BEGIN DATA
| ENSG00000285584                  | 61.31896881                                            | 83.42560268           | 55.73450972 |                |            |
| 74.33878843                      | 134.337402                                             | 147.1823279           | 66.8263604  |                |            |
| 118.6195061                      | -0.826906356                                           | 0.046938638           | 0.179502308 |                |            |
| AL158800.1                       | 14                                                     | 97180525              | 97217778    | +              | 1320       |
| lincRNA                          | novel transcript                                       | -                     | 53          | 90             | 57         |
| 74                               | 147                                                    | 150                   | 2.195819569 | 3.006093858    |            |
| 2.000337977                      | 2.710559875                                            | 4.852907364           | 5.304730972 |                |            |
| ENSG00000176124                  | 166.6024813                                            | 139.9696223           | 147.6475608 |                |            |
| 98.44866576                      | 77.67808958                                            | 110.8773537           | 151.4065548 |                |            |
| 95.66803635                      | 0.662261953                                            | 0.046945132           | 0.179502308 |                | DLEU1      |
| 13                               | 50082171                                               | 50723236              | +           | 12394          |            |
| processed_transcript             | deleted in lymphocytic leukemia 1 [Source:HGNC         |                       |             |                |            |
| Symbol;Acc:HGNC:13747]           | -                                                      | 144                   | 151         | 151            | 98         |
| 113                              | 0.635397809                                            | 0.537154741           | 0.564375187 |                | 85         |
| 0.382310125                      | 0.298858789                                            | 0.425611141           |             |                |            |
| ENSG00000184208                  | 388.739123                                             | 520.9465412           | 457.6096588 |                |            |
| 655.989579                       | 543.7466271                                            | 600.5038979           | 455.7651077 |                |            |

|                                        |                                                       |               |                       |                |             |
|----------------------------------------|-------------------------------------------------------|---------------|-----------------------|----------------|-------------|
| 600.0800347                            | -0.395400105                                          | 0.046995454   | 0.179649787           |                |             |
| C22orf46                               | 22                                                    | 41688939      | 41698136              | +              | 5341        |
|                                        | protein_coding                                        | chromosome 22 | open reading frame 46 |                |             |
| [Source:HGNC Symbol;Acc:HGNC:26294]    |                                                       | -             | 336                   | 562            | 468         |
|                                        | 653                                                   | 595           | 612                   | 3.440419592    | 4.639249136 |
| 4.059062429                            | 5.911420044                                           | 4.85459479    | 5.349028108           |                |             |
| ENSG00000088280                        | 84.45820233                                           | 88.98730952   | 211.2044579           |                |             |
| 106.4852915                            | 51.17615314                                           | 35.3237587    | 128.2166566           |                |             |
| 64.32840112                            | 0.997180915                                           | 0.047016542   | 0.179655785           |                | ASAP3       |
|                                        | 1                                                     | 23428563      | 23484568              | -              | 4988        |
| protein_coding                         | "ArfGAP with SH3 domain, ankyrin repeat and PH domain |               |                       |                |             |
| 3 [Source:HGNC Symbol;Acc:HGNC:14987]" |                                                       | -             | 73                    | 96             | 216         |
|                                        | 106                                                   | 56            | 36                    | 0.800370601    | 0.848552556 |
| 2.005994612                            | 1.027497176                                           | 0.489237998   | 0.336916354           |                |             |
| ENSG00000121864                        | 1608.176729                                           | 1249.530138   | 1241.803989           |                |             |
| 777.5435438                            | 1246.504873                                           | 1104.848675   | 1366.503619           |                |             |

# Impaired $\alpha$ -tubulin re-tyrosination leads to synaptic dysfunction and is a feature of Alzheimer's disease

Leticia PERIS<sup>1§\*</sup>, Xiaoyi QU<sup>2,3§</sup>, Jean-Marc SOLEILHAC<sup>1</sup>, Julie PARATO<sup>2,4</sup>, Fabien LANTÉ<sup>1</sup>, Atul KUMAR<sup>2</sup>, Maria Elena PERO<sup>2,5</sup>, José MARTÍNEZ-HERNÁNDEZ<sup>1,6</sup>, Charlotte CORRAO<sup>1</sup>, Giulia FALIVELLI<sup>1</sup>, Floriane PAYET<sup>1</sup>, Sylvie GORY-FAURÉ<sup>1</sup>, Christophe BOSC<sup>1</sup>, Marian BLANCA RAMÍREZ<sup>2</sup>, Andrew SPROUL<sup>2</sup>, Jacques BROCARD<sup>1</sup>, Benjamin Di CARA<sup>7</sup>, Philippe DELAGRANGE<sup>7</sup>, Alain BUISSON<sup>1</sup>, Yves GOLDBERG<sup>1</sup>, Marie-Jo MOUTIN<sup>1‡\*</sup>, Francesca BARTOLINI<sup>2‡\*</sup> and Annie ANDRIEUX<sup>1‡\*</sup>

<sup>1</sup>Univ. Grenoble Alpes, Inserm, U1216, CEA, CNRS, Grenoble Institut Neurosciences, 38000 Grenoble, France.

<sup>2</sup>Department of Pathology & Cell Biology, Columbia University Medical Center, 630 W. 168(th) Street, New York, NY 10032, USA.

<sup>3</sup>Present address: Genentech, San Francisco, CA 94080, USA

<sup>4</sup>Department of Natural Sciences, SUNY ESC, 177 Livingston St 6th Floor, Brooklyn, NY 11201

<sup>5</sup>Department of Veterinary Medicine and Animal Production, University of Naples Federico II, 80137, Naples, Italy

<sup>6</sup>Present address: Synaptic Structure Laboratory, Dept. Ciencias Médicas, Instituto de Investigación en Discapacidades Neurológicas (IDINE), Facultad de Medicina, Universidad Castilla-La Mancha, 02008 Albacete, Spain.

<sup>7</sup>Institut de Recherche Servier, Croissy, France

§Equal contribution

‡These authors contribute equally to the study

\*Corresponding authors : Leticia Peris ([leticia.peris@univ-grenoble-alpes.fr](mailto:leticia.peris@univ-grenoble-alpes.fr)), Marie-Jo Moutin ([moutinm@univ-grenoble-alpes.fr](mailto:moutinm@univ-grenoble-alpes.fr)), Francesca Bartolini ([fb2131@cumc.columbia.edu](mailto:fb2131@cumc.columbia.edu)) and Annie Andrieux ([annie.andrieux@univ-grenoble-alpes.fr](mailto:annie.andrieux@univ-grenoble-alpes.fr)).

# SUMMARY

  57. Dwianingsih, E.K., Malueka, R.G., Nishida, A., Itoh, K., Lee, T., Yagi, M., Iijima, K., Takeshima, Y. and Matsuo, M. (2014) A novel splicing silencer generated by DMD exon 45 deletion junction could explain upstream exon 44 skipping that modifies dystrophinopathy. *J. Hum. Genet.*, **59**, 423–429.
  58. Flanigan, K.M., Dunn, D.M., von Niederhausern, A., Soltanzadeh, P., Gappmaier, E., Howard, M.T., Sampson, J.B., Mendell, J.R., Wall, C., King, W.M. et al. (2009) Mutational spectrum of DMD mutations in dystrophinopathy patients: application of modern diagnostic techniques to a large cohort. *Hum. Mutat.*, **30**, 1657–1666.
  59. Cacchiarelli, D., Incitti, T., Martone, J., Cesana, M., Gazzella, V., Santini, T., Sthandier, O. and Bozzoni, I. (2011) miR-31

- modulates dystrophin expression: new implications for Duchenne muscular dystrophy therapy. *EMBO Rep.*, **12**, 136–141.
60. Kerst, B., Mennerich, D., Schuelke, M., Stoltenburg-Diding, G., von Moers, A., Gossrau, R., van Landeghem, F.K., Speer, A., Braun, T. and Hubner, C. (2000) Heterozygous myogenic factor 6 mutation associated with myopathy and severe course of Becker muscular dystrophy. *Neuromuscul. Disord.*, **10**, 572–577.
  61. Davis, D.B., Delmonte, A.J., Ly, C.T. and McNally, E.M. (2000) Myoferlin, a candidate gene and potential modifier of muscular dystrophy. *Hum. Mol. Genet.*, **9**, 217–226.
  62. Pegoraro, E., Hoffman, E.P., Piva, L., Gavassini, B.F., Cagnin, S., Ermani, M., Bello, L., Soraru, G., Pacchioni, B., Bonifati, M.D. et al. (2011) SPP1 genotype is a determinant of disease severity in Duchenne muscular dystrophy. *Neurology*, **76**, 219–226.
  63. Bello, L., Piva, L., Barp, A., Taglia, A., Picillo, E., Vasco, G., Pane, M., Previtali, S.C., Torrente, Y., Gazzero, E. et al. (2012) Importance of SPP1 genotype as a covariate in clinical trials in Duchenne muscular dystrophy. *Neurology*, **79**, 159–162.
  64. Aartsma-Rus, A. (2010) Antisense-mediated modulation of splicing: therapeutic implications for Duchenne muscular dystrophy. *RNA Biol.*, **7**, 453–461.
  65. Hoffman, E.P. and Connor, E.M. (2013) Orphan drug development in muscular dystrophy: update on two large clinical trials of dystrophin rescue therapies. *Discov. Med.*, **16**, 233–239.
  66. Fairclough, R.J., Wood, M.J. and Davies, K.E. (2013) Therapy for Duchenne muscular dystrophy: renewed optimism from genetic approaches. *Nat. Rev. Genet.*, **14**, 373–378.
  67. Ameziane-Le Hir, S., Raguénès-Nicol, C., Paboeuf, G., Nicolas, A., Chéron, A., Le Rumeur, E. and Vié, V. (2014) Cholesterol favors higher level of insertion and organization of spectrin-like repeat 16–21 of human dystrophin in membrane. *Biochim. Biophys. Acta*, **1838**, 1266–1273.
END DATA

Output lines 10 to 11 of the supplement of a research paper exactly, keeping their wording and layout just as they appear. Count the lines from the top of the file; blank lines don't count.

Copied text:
| 95.66803635                      | 0.662261953                                            | 0.046945132           | 0.179502308 |                | DLEU1      |
| 13                               | 50082171                                               | 50723236              | +           | 12394          |            |